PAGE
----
Dogs let it all hang out - of car windows - in cute calendar
With their tongues wagging and jowls flapping in the wind, dogs seem to enjoy car rides even more than us humans do — especially when there’s an open window involved. Those moments of pure puppy elation gave photographer Lara Jo Regan an idea: why not create a series that captures dogs with their heads hanging out the window?
"I wanted to encapsulate the primal joy of a dog on a car ride," Regan, who lives in Los Angeles, Calif., told TODAY.com.
Thirteen of the 38 pups she captured are featured in a 2014 calendar with the blunt title: "Dogs in Cars." The rest of her images will be released in a book this spring.
Regan, 48, is no stranger to the world of animal photography: Her pet Mr. Winkle, who looks like a living stuffed animal, became one of the Internet's early animal stars after she featured him in a photo collection that went viral and eventually became a book.
When the initial idea for a series with dogs and cars occurred to her, Regan was surprised that no one else had attempted a similar project. She now thinks of it as an "oxygen version" of Carli Davidson's "Shake" series, which features a variety of dogs shaking water off themselves.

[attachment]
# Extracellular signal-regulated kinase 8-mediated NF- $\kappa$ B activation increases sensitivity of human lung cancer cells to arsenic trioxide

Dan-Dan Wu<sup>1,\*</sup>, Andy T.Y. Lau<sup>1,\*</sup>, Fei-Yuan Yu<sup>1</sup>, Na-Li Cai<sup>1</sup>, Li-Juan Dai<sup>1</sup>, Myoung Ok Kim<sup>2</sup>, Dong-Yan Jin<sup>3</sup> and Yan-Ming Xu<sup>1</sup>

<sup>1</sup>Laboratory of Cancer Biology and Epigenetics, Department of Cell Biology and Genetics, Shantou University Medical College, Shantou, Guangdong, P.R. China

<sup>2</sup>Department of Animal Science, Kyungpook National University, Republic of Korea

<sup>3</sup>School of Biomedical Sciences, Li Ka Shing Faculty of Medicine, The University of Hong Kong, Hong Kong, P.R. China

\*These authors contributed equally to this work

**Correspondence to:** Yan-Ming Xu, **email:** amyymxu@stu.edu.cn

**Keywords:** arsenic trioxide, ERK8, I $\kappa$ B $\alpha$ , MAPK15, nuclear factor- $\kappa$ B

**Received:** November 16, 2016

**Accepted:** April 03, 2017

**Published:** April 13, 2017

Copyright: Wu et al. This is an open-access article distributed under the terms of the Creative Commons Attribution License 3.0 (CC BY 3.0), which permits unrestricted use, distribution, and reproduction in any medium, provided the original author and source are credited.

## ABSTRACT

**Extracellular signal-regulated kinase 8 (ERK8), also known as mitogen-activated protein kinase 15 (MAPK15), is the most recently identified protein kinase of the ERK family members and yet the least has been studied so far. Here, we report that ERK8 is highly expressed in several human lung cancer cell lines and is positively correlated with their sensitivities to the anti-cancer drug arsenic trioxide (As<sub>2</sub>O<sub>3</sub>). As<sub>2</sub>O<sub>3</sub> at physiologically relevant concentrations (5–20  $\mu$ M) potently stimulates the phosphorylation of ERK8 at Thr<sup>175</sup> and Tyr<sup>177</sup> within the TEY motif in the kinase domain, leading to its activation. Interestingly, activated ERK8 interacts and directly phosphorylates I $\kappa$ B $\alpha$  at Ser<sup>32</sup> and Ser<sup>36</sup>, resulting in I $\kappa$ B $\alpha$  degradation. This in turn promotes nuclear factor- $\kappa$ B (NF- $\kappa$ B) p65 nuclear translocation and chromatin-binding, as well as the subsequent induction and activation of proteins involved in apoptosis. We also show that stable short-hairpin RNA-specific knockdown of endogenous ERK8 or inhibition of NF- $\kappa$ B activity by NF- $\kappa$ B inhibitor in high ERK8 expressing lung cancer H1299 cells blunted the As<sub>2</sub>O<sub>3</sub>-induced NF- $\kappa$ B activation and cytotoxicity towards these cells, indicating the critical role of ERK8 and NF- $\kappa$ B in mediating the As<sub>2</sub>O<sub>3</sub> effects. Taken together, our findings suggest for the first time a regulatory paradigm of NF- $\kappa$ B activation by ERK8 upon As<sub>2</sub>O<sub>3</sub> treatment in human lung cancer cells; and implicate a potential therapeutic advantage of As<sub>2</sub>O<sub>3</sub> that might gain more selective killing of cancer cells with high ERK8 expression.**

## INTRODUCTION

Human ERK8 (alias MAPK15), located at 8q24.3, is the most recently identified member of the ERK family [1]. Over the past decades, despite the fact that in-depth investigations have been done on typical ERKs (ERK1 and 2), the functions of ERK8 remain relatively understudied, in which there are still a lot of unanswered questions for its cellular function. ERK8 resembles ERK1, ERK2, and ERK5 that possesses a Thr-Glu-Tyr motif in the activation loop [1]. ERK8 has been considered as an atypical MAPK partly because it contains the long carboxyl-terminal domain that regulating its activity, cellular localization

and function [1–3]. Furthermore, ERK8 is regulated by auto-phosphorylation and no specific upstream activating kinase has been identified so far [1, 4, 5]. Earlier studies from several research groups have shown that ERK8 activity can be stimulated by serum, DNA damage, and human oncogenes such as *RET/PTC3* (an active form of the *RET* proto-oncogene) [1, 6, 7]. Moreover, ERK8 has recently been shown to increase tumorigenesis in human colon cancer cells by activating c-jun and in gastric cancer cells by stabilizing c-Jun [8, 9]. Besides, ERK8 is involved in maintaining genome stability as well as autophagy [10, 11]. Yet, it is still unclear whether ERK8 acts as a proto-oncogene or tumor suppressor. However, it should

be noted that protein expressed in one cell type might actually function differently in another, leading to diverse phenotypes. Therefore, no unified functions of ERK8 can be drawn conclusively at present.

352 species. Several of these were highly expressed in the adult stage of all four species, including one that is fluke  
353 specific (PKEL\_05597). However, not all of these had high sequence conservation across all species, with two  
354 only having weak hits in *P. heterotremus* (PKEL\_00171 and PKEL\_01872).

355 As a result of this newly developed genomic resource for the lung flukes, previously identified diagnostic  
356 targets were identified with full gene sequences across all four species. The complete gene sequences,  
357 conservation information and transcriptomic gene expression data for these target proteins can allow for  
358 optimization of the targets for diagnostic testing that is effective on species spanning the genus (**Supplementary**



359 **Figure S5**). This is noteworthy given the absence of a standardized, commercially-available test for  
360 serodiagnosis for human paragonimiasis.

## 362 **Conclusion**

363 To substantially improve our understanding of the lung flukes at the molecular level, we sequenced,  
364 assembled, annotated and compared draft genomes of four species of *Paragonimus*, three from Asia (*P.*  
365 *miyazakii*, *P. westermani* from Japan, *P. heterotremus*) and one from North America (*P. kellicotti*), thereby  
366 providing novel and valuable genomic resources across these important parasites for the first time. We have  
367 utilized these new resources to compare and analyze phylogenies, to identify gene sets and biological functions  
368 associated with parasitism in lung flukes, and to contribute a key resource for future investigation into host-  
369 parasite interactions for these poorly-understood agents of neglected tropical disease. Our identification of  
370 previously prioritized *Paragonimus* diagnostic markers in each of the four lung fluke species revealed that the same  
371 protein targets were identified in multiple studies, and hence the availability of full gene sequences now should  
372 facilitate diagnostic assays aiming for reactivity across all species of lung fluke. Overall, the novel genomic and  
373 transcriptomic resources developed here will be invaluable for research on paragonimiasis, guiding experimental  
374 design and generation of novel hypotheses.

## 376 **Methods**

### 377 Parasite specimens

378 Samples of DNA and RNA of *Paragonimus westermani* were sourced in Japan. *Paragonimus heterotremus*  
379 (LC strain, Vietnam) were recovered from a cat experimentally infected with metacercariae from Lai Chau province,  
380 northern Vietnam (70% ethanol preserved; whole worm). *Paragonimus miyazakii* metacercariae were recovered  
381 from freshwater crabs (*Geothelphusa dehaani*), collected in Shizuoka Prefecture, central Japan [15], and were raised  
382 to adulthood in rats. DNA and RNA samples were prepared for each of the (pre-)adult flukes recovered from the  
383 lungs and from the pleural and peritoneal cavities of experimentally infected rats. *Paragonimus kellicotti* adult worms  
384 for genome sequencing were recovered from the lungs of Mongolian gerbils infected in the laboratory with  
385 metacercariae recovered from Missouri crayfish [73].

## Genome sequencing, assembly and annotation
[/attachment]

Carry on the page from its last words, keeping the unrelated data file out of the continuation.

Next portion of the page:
"I realized that there's an infinite number of dogs and cars and setting combinations," she said. "There's so much possibility with it."
Regan started photographing her own three canines first, then those of her friends, before finally turning to Craigslist for more subjects, an experience she found to be "very funny." The shooting process involved three people: Regan, a driver, and someone in the back of the car to look after the dogs. While Regan shot many of the photos from the passenger seat of the car, or from another car driving alongside the dogs, she once strapped herself to the roof to get a good angle. Her words of wisdom: Don't try this at home.
"Some dogs were into it for 10 minutes and then were done," she said. "Others wanted to keep doing it."
Then there was the dog who looked horrified the entire time, which concerned Regan until she later realized that the pup always wears that expression on its face.
The most difficult aspect of the shoots wasn't the dogs themselves, but the uncomfortable positions Regan had to contort herself in to get the best angle. "I think the dogs were feeling my pain," she added with a laugh.
All that time spent with canines in the car made her think about the reasons why they enjoy the experience so much in the first place. Her conclusion? It has something to do with their roaming instincts.
"It's a smorgasbord of smells," she said. "It's roaming on heroine."